District aquatic breeding farm has fish to fry

Tan Weiyun
An aquatic breeding farm is celebrating after the first batch of fry from Songjiang Bass successfully hatched.
Tan Weiyun
District aquatic breeding farm has fish to fry

The pink egg masses of Songjiang Bass

AN aquatic breeding farm is celebrating the first batch of Songjiang Bass fry successfully hatched.

Songjiang Bass is famed as the "No.1 famous fish in the southern bank of the lower reaches of the Yangtze River."

The Shanghai Songjiang Aquatic Breed Farm in Xiaokunshan Town has been spearheading the conservation and breeding of this distinguished species.

Visitors to the farm are first greeted by an intriguing sight in the breeding pools: overturned clam shells meticulously arranged at the bottom.

These serve as cozy nests for the spawning Songjiang Bass, a clever set-up by the farm's technicians.

Closer observation reveals adult fish elegantly navigating around their clam shell homes.

Meanwhile, in the hatching pools, nets encase pink egg masses that have been carefully harvested.

A closer examination under the beam of a flashlight uncovers numerous eggs already showing pairs of black dots - the embryonic eyes of the Songjiang Bass.

Those further along in their development journey have emerged from their membranes, sprouting tiny tails and exhibiting agility as they navigate the waters.

At this tender stage, the fry are tinier than grains of rice, their bodies a delicate pinkish-transparent hue, resembling minuscule tadpoles under the light's glow.

The Songjiang Bass is a migratory species, venturing to estuaries where saltwater meets freshwater during its spawning phase.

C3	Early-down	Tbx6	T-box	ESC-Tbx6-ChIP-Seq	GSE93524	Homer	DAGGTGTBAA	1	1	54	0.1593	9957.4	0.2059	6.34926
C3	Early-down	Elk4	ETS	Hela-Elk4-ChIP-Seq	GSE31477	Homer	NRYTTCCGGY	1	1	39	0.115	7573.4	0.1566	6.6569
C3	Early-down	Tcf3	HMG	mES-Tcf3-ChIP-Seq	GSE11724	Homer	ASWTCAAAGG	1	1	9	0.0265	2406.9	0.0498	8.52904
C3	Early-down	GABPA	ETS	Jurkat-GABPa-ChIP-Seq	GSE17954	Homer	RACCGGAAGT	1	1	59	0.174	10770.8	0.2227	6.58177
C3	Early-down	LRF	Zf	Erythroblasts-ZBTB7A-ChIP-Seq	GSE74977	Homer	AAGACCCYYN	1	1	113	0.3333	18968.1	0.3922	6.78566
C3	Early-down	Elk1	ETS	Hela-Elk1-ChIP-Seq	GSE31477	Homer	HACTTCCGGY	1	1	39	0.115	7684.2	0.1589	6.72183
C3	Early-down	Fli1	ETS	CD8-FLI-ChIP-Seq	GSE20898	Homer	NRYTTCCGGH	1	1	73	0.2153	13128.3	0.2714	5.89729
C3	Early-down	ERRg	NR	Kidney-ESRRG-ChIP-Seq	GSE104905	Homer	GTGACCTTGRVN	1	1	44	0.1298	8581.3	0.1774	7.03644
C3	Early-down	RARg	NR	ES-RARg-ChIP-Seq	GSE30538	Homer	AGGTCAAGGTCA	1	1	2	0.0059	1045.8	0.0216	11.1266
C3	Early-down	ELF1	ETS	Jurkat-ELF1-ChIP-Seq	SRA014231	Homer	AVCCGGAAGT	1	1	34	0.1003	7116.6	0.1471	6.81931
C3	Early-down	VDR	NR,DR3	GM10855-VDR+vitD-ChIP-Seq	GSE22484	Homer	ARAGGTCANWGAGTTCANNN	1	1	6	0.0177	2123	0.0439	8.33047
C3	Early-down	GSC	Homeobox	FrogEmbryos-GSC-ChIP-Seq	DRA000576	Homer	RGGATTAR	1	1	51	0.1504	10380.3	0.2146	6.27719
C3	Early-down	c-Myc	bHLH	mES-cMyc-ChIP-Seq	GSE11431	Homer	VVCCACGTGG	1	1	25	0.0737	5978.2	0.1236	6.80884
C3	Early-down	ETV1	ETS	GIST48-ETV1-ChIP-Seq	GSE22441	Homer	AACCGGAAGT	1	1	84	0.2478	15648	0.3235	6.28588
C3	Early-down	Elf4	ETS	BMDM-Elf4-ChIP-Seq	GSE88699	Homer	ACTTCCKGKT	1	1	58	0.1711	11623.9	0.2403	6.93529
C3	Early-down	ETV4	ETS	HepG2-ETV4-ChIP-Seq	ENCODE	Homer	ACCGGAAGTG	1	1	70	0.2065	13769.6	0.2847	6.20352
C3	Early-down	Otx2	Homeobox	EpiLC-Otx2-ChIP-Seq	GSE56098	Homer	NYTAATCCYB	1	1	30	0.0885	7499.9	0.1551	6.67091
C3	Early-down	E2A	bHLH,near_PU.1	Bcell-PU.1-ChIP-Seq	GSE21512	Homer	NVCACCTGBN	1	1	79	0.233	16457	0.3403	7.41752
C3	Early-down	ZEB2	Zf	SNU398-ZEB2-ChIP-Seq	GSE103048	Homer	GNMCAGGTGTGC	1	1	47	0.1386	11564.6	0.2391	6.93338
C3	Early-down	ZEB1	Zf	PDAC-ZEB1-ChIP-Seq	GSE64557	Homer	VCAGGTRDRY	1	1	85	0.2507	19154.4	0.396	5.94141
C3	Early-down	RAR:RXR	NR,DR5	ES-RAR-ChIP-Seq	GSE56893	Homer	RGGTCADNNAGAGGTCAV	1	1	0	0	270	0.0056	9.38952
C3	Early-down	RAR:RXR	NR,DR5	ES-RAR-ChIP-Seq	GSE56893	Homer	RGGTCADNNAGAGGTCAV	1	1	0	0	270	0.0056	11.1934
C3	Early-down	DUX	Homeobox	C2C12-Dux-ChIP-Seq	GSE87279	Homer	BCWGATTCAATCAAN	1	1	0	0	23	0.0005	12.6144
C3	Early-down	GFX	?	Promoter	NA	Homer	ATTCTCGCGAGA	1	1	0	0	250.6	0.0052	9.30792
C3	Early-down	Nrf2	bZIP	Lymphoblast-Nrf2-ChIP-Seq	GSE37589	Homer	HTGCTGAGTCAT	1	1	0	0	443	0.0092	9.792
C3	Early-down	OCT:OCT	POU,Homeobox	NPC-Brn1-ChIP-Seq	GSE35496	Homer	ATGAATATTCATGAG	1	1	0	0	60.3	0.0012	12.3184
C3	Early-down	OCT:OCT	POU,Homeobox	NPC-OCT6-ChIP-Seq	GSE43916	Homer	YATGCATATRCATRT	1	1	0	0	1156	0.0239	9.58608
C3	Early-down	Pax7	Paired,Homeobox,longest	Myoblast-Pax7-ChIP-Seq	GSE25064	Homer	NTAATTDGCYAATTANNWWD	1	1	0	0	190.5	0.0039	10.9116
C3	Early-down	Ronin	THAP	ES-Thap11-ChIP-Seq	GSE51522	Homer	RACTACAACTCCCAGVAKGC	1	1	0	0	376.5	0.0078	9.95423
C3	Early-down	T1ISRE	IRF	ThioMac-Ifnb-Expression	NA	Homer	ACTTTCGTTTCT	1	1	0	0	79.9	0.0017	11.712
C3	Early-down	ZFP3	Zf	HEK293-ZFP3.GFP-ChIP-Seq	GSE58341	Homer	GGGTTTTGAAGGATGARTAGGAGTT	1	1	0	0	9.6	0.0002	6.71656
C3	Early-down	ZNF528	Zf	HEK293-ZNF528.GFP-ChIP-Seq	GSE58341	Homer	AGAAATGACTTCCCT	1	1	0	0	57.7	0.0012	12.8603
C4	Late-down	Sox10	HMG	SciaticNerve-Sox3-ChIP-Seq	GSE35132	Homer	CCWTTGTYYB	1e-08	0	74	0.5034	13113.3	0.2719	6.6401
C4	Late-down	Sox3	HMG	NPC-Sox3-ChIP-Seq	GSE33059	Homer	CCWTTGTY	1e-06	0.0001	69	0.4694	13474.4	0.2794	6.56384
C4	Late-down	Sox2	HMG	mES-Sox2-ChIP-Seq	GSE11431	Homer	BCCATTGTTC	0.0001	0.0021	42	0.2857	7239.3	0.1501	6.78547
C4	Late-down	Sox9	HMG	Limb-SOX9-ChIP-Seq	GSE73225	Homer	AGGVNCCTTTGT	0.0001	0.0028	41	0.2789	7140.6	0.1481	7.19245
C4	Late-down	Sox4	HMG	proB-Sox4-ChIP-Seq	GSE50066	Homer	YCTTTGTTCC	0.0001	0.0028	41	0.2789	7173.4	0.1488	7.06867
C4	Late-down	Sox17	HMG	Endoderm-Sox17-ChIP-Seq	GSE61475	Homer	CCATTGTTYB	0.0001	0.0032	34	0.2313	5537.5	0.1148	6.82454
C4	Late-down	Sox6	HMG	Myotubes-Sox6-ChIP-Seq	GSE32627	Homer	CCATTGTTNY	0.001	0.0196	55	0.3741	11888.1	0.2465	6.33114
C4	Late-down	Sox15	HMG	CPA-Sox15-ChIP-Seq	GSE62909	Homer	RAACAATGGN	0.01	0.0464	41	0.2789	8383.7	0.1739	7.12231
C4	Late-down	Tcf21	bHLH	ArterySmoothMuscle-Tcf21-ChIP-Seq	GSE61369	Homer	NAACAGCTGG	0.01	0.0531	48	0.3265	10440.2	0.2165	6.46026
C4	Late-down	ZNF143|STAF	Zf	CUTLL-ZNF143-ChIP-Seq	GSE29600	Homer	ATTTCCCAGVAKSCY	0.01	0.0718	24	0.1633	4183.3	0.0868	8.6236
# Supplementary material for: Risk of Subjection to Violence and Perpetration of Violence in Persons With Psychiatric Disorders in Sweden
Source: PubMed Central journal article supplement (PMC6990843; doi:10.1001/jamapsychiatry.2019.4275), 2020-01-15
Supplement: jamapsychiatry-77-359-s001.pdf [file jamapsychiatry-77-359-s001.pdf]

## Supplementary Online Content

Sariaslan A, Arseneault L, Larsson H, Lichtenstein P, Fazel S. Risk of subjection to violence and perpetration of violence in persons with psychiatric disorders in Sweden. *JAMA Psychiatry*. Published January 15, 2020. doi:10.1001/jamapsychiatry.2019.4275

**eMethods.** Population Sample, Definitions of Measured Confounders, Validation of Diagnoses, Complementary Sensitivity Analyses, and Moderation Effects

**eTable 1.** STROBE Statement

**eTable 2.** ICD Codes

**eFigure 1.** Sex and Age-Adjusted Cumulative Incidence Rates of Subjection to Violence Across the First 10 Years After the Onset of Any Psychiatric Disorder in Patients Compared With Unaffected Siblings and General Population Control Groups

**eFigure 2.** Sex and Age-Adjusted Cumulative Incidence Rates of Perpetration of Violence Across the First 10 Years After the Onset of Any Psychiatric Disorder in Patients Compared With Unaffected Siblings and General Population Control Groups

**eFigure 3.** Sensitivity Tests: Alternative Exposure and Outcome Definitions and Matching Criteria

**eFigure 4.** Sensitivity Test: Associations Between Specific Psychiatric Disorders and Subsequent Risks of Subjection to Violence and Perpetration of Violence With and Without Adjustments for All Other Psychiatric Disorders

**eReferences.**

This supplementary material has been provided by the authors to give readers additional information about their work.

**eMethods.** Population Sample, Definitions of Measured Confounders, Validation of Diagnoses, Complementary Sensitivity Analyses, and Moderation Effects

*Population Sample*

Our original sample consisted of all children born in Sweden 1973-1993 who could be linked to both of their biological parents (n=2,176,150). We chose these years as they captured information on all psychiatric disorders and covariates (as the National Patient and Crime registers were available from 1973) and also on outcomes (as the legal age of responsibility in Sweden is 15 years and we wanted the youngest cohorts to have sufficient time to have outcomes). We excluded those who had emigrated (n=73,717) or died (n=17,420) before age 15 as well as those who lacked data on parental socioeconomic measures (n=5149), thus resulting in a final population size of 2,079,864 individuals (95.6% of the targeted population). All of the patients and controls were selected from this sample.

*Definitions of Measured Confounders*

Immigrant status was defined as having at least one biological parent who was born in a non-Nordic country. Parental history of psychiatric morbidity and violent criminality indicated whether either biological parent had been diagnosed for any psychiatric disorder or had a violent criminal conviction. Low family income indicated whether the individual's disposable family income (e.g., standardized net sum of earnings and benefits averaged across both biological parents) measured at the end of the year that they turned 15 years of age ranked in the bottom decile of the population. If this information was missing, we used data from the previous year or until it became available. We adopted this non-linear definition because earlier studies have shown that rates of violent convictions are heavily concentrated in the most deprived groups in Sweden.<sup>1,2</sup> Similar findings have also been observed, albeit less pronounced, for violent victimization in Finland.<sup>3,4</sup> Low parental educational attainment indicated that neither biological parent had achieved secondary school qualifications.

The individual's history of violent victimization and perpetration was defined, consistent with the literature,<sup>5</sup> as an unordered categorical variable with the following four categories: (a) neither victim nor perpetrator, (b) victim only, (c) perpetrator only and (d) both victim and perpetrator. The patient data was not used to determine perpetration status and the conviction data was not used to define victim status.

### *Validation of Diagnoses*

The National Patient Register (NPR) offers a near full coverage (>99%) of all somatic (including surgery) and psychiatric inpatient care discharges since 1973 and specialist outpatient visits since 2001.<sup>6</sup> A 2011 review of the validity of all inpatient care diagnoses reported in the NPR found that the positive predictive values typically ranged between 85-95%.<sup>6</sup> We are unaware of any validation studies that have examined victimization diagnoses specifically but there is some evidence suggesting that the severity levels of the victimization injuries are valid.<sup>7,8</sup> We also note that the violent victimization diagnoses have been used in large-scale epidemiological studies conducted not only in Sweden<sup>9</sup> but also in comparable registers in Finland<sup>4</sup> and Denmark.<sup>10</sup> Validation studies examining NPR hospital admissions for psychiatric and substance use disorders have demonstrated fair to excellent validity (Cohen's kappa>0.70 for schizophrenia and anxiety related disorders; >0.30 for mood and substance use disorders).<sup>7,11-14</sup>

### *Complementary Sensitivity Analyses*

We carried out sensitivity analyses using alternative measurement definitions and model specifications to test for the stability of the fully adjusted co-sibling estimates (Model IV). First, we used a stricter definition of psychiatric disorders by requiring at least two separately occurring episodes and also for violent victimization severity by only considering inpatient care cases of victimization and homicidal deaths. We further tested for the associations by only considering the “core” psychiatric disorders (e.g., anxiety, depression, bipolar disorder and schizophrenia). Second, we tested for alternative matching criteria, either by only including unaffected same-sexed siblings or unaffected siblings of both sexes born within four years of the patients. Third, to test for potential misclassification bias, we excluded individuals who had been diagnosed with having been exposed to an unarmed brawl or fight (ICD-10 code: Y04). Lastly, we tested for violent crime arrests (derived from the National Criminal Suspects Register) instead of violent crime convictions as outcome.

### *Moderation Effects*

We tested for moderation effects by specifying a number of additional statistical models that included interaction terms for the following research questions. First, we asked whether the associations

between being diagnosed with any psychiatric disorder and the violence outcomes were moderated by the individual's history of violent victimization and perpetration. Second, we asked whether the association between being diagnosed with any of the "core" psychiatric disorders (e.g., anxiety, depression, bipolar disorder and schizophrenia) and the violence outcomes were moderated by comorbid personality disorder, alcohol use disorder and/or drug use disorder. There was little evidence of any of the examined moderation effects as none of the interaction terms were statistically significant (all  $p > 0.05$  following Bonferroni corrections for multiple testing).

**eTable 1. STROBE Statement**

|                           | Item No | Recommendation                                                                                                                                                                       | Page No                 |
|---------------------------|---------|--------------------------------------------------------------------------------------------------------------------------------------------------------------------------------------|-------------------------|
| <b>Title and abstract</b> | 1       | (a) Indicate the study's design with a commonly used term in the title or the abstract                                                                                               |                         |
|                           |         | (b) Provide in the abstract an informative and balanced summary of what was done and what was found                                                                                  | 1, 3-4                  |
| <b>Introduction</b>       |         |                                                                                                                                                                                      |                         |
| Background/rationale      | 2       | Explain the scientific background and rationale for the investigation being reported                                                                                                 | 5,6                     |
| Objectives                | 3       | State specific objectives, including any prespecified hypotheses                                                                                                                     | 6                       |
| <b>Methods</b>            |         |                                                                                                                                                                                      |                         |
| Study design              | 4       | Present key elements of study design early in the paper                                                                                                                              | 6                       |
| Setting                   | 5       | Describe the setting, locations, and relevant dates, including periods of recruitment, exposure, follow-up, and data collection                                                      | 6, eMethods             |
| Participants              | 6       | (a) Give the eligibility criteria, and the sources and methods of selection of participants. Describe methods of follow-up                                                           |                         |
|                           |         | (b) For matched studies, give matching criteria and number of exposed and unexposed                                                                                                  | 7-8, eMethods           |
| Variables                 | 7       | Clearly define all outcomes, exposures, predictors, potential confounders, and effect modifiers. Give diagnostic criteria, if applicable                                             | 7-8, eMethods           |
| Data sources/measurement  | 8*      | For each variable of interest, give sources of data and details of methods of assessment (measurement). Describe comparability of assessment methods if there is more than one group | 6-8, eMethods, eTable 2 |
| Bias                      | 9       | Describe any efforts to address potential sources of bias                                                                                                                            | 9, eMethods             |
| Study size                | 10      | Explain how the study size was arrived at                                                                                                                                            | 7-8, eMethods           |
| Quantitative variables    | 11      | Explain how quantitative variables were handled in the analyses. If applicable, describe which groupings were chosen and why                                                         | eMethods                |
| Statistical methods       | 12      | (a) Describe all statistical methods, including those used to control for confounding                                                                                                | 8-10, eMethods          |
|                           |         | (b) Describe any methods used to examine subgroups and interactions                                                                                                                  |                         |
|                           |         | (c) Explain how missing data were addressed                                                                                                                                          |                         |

Remarkably, the species practices monogamy, with females laying eggs and males vigilantly guarding them, never straying from their nests, embodying the "model couples" of the fish world.

"To create a conducive environment for spawning, we not only use clam shells for nesting but also maintain the hatching pools' water slightly saline, different from the breeding pools, to simulate their natural habitat," said Gong Guangwei, the farm's technical director.

Spawning began on February 3, with the earliest fry already making their entrance. Thousands have hatched, and the farm anticipates a yield of 300,000 to 400,000 fry. In approximately 40 to 50 days, these fry will grow to 2 to 3 centimeters in length.

The newly hatched fry require immediate transfer to nursery pools, necessitating Gong's daily monitoring of egg mass collection and close observation of egg development within each net cage.

"With the season's temperatures on the rise, the hatch rate is expected to increase accordingly," Gong said.

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